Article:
Happy people = happy work = happy clients = happy people.

We all have big dreams. For ourselves. For our company. And we can only achieve them if we’re happy while achieving them.

And if I seem to be forgetting these thoughts at any point in time, you have my express permission to whack me over the head and remind me of them.

Let’s do this.


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influencer marketing, insight, reputation, social media, trend

#TomatoGate: How Twitter Got A Restaurant To Change Their Business Practices

The Story
It all began on Saturday, 5th May, when my wife, a friend and I decided to drop in at Burgs, a gourmet burger restaurant in Bandra. 


In a nutshell, they refused to remove the tomato slice from my burger, stating that it was against their company policy. 


Feeling rather angry, I wrote a blog post about my experience on Sunday, 6th May, and put it up here for all the world to see. I urge you to read that story before continuing to read this post.


How It Spread
I was so angry that I didn’t want to just vent through a blog post. I wanted to make sure that everybody who googled up Burgs saw my review of the place. I spent an hour posting my review to websites like MumbaiBoss, Zomato and Burrp, as well as foodie blogs like The Big Bhookad.


Around the same time, I picked up on Burgs’ Twitter account, and reached out to them as well. My wife, sitting next to me, started scrolling through @BurgsIndia – and was shocked to see that their attitude existed on their Twitter account as well. Here’s a selection of their tweets.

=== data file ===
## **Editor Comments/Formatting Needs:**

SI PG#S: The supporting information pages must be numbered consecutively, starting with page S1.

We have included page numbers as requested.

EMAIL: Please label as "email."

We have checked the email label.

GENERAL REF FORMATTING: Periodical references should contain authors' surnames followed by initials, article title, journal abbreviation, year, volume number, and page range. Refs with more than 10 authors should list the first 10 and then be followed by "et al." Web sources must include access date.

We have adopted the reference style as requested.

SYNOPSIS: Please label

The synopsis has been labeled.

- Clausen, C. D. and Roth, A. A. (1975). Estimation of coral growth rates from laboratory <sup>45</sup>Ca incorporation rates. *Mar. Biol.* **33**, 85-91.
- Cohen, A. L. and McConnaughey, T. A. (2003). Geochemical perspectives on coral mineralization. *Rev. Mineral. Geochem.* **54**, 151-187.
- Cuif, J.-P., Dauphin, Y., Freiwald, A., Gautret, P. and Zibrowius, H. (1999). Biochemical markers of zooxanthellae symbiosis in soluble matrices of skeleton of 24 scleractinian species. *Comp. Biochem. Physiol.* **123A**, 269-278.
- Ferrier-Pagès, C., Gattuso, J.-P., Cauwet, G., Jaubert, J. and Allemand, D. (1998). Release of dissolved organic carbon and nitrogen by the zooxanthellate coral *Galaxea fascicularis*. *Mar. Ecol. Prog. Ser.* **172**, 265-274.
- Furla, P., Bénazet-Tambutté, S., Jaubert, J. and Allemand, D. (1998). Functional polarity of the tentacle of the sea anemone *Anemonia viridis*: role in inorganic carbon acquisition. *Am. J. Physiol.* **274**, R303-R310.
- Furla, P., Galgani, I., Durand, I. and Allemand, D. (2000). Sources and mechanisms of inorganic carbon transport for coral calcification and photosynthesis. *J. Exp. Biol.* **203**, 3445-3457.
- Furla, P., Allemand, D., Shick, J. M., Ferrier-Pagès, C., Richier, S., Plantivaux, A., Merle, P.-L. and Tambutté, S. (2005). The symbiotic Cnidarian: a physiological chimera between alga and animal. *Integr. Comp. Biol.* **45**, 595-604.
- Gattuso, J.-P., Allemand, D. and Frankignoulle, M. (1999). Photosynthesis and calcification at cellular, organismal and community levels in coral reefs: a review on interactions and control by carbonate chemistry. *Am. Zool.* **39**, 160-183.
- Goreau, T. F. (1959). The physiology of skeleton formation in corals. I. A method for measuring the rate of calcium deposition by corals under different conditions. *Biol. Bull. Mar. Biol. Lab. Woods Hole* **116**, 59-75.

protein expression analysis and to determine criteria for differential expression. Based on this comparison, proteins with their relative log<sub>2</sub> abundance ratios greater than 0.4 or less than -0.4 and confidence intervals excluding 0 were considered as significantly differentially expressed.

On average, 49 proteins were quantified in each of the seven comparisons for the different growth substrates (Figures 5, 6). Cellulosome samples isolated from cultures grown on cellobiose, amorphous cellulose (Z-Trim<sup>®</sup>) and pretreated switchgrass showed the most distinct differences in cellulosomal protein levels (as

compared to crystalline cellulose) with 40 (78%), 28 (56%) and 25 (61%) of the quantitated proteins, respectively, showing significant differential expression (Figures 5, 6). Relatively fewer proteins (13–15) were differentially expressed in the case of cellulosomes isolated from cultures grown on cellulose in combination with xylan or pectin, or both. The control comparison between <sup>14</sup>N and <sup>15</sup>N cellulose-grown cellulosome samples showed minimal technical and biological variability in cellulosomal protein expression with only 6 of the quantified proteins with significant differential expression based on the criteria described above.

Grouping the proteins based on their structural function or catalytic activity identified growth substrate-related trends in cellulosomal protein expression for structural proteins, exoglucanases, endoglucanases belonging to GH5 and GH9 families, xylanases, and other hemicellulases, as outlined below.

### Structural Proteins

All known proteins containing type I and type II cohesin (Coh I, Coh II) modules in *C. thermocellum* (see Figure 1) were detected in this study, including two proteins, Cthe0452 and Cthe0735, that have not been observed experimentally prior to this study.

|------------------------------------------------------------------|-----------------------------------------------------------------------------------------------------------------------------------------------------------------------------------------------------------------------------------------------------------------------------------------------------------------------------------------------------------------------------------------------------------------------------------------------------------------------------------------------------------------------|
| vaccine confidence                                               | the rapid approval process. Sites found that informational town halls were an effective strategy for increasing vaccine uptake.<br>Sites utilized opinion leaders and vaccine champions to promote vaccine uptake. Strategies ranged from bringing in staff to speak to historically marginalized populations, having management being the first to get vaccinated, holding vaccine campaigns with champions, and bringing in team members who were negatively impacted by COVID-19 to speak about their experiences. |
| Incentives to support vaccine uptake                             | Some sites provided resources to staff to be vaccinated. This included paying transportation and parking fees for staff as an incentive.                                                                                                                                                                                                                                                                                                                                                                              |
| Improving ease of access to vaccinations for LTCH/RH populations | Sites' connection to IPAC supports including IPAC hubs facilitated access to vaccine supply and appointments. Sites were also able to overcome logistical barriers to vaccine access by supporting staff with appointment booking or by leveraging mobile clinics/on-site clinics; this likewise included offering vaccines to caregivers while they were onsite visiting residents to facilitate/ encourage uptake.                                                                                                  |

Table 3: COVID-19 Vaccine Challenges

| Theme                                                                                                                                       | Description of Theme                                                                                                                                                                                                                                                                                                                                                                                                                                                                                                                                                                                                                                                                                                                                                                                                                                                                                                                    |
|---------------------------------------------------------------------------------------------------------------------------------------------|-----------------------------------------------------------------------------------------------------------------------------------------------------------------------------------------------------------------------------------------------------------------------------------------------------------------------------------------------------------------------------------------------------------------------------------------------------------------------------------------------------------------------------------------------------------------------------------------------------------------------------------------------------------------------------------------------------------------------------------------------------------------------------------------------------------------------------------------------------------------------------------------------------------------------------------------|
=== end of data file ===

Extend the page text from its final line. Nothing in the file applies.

That’s about when some folks on Twitter picked up on my story, and started tweeting back. Here’s how it unfolded.


A glance at their Twitter profiles will tell you that these guys are popular, influential on (and off) Twitter, and have possibly been rubbed the wrong way by Burgs. The reply from Burgs was the last straw.


Within the hour, most of Twitter had started chucking virtual tomatoes at Burgs. They flayed Burgs alive for not customising my burger and for their couldn’t-give-a-fuck attitude. And  also started cracking tomato jokes all around. The Tomato Tweeters included stand-up comics like Tanmay Bhat and Rohan Joshi, journos like Ashish Shakya, foodies like Adarsh Munjal, Sahil K and Aneesh Bhasin, fashionistas like Latha Sunadh, and the ones who’d started it all off – Nik, Rahul Chawra, Mithun K, Roopak Saluja, Roycin D’Souza, RanjitOne Black Coffee, et al.

Soon enough, ‘tomato’ was trending on Trendsmap Mumbai. And if Satyameva Jayate hadn’t hogged the Trending Topics pane on Twitter, ‘tomato’ would’ve been up there for sure. It got better. Somebody went and created the official Twitter account of the tomato in the burger. Finally, Burgs India responded. Announced that tomatoes were now  optional. Put it up on their Twitter bio even.

But even then, the attitude persisted. And the Tomato Tweeple picked up on it.


Finally, around evening, the story died down. And Burgs could breathe a sigh of relief.


Why #TomatoGate Went Viral
Two reasons, in my opinion.


One: Who hasn’t been at the receiving end of poor service from restaurants (and other service businesses)? We hear stories from friends and acquaintances about their experiences every day. My story was no different – but it was completely relatable. It became all about sticking it to ‘the Man’.


Two: Burgs India shot themselves in the proverbial foot. They were rude to guys like Adarsh and Roycin. And too proud and insensitive on Twitter overall. Their reply to me was the icing on the cake. And they still haven’t apologised to me. Nobody trolls someone who’s made one mistake and shows that they want to rectify it. But if you’re going to persist in being a smartass…be prepared to have your ass handed to you.


Lessons learnt, I hope.